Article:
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pgen-1000442-g001: High resolution profiling in the liver identified circadian and sub-ciradian rhythms.Liver samples were collected every hour for 48 h and analyzed with Affymetrix expression arrays. Rhythmic genes were identified using both COSOPT and Fisher's G-test at a false-discovery rate of <0.05. The period length of every rhythmic transcript was plotted as a histogram; clusters of rhythmic genes with period lengths of approximately 24 (>20 and <30 hours), 12 (>10 and <14 hours) and 8-hours (>7 and <9) were observed (A). In panels B–D, the microarray intensity from three examples was plotted against CT time. Bmal1 (B), Hspa5 (C), and Zfp560 (D) expression profiles demonstrate 24, 12, and 8 h period lengths, respectively.

Mentions: These tests were corrected for multiple comparisons post hoc using the method described by Storey and colleagues[27],[28]. Briefly, by examining the distribution of p-values from a given data set, an estimate of the proportion that are truly non-rhythmic can be derived. Using this approach to model the rate of false-discoveries, the p-value for each transcript, which estimates the frequency that a truly observation will be labeled as significant, can be converted to a more stringent q-value which instead estimates the frequency that significant observations are truly non-rhythmic. At a false discovery rate [27] of <0.05, over 3000 transcripts were found to oscillate by both statistical tests in liver, while fewer than a dozen were found in NIH3T3 and U2OS cells. As expected, the majority of cycling transcripts from liver (and all from NIH3T3 and U2OS cells) had period lengths of approximately 24 h (Figure 1A, Figure 2A and B, Table 1).


Harmonics of circadian gene transcription in mammals.

Hughes ME, DiTacchio L, Hayes KR, Vollmers C, Pulivarthy S, Baggs JE, Panda S, Hogenesch JB - PLoS Genet. (2009)

High resolution profiling in the liver identified circadian and sub-ciradian rhythms.Liver samples were collected every hour for 48 h and analyzed with Affymetrix expression arrays. Rhythmic genes were identified using both COSOPT and Fisher's G-test at a false-discovery rate of <0.05. The period length of every rhythmic transcript was plotted as a histogram; clusters of rhythmic genes with period lengths of approximately 24 (>20 and <30 hours), 12 (>10 and <14 hours) and 8-hours (>7 and <9) were observed (A). In panels B–D, the microarray intensity from three examples was plotted against CT time. Bmal1 (B), Hspa5 (C), and Zfp560 (D) expression profiles demonstrate 24, 12, and 8 h period lengths, respectively.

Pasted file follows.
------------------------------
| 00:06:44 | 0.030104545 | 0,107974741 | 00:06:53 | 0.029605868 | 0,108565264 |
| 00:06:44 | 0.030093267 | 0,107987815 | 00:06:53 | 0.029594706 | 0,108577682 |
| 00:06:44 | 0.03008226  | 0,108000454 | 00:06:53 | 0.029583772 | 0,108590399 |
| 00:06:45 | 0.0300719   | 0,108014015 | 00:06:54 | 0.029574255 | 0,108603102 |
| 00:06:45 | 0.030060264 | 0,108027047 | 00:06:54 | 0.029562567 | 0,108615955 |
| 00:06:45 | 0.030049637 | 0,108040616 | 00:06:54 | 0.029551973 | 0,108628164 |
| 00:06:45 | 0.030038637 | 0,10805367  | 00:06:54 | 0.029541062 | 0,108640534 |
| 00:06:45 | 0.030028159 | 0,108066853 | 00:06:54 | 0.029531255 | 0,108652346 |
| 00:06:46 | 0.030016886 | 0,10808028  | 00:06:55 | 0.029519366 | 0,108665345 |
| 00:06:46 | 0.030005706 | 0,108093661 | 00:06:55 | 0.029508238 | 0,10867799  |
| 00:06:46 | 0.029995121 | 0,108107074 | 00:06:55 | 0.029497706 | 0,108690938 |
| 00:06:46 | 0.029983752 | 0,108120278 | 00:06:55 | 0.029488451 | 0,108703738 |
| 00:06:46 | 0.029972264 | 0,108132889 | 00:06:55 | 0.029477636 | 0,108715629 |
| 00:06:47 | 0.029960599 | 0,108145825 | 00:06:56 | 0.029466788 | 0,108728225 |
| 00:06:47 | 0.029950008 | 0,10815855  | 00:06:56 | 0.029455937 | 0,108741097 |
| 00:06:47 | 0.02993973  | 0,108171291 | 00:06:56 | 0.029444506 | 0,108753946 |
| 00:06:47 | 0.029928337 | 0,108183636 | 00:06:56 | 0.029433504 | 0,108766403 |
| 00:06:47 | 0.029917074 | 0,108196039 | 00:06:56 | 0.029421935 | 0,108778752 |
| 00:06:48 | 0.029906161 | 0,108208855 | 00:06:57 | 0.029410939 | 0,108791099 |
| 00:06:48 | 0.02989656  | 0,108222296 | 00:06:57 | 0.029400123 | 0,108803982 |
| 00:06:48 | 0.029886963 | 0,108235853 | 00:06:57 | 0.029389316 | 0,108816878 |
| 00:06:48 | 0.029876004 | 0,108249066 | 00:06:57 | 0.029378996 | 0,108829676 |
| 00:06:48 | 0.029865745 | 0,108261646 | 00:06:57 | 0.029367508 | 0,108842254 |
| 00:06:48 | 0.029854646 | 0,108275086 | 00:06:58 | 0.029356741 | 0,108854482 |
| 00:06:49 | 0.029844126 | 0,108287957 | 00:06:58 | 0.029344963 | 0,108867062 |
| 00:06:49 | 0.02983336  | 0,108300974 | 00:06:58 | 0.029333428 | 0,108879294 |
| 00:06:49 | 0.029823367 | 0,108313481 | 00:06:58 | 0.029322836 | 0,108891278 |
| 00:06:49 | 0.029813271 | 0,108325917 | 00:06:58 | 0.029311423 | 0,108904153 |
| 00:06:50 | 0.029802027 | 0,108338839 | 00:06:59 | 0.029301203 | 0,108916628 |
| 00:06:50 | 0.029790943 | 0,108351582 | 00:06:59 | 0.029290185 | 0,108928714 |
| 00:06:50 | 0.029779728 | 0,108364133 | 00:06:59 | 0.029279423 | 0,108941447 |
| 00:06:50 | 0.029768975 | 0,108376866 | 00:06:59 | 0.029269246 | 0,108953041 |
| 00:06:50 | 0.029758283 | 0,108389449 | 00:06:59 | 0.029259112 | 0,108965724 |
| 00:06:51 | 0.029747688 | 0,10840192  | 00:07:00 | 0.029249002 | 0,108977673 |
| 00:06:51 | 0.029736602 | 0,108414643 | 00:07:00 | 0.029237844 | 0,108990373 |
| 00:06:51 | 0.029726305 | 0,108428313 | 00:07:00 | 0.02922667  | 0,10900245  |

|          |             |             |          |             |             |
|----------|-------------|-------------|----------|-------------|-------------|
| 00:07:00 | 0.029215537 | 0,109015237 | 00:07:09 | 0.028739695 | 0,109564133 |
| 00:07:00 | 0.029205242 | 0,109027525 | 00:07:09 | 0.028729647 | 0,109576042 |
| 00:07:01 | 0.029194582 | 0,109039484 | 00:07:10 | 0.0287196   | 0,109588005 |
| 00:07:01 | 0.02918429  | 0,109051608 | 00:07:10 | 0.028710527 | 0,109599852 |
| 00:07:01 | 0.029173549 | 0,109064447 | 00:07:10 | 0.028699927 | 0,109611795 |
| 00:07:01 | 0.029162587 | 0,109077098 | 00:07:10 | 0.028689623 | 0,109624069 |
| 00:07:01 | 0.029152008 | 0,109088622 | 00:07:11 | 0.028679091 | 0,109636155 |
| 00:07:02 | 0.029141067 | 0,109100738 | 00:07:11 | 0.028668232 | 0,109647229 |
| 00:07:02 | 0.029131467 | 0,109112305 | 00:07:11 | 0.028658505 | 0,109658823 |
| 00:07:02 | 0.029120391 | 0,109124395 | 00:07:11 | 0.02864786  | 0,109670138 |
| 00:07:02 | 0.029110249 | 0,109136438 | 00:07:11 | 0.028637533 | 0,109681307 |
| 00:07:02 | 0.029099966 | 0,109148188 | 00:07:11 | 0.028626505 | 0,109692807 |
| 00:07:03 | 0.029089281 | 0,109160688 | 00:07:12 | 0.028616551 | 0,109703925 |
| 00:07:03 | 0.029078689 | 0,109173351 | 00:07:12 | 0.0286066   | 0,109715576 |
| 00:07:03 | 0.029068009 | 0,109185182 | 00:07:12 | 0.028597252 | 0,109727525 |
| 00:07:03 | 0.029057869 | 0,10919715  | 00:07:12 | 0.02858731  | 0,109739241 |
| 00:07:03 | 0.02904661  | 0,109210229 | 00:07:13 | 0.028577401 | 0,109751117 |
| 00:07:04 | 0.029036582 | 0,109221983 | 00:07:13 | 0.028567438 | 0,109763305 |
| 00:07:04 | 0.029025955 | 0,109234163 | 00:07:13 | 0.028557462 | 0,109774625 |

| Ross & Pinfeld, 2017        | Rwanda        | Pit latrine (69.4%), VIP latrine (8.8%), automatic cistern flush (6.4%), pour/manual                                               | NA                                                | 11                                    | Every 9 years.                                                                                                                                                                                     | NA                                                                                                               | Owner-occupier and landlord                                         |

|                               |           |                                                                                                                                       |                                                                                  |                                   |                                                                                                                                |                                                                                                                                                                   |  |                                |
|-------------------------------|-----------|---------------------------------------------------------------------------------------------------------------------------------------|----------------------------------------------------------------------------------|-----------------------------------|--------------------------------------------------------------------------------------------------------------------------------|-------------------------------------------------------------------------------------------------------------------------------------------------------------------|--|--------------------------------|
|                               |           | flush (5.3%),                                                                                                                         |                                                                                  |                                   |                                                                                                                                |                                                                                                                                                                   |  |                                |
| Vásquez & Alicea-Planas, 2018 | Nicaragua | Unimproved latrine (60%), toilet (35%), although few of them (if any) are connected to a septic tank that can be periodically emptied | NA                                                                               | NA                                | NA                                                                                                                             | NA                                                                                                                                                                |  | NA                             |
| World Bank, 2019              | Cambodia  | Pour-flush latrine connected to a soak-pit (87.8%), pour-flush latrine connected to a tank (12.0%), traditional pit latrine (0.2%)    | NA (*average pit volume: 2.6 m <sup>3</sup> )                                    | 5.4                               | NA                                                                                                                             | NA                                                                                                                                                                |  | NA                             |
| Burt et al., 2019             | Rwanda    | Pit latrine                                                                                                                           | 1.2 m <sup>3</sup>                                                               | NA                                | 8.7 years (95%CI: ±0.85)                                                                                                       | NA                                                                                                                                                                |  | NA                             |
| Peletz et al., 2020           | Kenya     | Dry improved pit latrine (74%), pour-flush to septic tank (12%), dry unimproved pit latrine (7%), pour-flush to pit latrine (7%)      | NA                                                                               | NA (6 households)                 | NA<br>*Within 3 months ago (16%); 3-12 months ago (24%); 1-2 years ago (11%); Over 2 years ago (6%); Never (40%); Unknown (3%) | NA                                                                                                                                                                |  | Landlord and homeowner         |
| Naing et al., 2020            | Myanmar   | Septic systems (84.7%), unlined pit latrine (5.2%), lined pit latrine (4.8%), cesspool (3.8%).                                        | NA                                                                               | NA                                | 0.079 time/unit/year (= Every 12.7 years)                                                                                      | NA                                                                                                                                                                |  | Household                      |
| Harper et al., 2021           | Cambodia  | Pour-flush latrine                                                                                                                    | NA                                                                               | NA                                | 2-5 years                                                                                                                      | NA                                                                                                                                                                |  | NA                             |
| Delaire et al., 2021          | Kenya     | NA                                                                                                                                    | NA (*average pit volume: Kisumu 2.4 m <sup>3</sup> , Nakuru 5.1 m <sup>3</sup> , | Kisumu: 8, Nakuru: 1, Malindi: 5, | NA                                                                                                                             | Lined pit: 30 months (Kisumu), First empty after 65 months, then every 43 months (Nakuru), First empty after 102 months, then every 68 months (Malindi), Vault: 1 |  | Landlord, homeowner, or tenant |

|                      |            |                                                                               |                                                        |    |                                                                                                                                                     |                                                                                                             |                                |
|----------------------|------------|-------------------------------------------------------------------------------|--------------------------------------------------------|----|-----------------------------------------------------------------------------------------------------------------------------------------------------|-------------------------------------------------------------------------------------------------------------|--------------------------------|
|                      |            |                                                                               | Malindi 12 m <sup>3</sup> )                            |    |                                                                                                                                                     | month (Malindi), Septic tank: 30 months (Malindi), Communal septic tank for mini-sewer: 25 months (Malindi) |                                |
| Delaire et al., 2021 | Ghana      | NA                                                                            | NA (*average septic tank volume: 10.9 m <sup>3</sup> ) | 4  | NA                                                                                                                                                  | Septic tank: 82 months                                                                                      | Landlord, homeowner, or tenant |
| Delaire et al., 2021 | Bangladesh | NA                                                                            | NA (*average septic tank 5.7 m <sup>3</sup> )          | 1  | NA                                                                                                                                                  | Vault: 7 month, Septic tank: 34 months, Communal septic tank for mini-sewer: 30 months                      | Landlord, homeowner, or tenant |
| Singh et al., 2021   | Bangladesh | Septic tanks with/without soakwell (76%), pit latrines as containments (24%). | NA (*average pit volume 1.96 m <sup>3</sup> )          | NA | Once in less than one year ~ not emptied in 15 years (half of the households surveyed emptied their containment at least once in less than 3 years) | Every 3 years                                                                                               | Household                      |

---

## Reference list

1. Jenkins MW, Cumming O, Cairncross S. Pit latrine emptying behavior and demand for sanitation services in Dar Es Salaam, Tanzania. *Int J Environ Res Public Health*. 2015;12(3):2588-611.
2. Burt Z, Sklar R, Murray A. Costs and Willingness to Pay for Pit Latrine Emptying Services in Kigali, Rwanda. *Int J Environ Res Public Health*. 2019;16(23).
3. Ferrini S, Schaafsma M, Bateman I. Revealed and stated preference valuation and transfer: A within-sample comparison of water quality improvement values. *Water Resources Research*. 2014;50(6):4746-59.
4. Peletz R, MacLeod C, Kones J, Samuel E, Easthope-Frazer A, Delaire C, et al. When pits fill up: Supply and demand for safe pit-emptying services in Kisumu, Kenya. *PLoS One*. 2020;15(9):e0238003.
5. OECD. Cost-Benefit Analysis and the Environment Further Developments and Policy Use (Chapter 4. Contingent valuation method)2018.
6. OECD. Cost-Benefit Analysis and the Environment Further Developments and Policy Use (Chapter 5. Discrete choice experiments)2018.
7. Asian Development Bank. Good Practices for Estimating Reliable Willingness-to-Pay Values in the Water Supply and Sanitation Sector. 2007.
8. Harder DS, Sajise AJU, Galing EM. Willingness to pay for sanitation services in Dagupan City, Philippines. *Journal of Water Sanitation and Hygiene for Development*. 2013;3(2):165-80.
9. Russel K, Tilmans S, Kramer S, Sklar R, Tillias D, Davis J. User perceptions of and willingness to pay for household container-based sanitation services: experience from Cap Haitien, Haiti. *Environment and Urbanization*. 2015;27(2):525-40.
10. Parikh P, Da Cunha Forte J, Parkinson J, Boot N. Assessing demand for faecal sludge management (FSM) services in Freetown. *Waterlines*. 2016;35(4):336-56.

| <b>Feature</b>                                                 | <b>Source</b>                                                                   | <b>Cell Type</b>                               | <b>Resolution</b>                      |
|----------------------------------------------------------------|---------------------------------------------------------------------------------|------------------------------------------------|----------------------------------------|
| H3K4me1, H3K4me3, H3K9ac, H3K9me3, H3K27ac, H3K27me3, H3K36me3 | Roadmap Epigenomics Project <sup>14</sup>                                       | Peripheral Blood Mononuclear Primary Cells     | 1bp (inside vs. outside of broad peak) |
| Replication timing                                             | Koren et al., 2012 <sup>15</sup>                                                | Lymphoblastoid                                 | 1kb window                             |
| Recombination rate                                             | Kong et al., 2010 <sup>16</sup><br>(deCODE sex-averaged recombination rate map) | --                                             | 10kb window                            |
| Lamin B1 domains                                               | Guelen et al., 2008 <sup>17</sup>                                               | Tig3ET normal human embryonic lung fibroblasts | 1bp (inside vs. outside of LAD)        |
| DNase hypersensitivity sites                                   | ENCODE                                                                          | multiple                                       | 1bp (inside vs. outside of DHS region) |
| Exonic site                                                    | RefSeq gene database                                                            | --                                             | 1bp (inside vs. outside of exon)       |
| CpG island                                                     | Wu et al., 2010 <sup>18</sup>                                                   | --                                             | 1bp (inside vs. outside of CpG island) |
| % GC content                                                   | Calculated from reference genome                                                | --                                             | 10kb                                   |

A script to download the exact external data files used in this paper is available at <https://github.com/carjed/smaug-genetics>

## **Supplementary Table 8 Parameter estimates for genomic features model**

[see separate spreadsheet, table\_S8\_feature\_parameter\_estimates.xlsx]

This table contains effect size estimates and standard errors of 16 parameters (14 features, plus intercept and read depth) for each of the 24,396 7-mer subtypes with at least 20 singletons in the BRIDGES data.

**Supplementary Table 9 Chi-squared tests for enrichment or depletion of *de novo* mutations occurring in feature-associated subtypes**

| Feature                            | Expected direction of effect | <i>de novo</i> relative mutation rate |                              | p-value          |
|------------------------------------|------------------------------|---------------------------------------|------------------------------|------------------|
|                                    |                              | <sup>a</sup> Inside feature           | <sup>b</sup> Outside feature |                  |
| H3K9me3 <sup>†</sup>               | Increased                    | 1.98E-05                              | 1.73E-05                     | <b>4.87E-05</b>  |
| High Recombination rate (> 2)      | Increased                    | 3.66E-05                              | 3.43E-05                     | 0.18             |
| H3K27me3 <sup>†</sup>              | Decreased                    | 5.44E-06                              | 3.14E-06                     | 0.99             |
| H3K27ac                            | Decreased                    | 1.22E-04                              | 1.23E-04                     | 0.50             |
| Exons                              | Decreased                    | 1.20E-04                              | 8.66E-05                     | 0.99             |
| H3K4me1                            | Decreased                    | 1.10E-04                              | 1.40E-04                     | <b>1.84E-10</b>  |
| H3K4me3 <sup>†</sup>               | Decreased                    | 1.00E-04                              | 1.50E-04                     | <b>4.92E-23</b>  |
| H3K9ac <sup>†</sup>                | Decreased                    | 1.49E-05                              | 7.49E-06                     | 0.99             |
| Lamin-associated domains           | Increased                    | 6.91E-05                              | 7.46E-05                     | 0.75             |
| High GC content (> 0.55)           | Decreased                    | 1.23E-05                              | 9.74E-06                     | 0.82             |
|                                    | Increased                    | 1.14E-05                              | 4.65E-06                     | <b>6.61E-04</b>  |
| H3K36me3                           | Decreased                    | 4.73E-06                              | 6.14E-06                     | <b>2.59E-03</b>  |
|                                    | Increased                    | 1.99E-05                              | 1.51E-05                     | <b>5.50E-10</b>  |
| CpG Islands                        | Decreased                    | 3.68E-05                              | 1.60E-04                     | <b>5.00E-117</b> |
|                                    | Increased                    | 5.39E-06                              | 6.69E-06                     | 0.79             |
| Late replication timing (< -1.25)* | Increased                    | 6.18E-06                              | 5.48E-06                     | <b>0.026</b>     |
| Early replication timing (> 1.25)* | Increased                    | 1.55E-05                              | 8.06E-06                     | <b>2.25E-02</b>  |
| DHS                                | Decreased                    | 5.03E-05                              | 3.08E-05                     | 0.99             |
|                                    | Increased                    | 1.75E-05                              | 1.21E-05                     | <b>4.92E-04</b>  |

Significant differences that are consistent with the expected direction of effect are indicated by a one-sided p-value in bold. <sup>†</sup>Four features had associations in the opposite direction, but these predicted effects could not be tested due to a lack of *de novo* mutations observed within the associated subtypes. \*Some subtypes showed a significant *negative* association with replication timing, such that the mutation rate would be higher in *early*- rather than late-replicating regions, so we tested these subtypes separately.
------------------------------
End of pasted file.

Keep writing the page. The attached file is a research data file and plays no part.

© Copyright Policy
Related In: Results  -  Collection

License
Show All Figures
getmorefigures.php?uid=PMC2654964&req=5

pgen-1000442-g001: High resolution profiling in the liver identified circadian and sub-ciradian rhythms.Liver samples were collected every hour for 48 h and analyzed with Affymetrix expression arrays. Rhythmic genes were identified using both COSOPT and Fisher's G-test at a false-discovery rate of <0.05. The period length of every rhythmic transcript was plotted as a histogram; clusters of rhythmic genes with period lengths of approximately 24 (>20 and <30 hours), 12 (>10 and <14 hours) and 8-hours (>7 and <9) were observed (A). In panels B–D, the microarray intensity from three examples was plotted against CT time. Bmal1 (B), Hspa5 (C), and Zfp560 (D) expression profiles demonstrate 24, 12, and 8 h period lengths, respectively.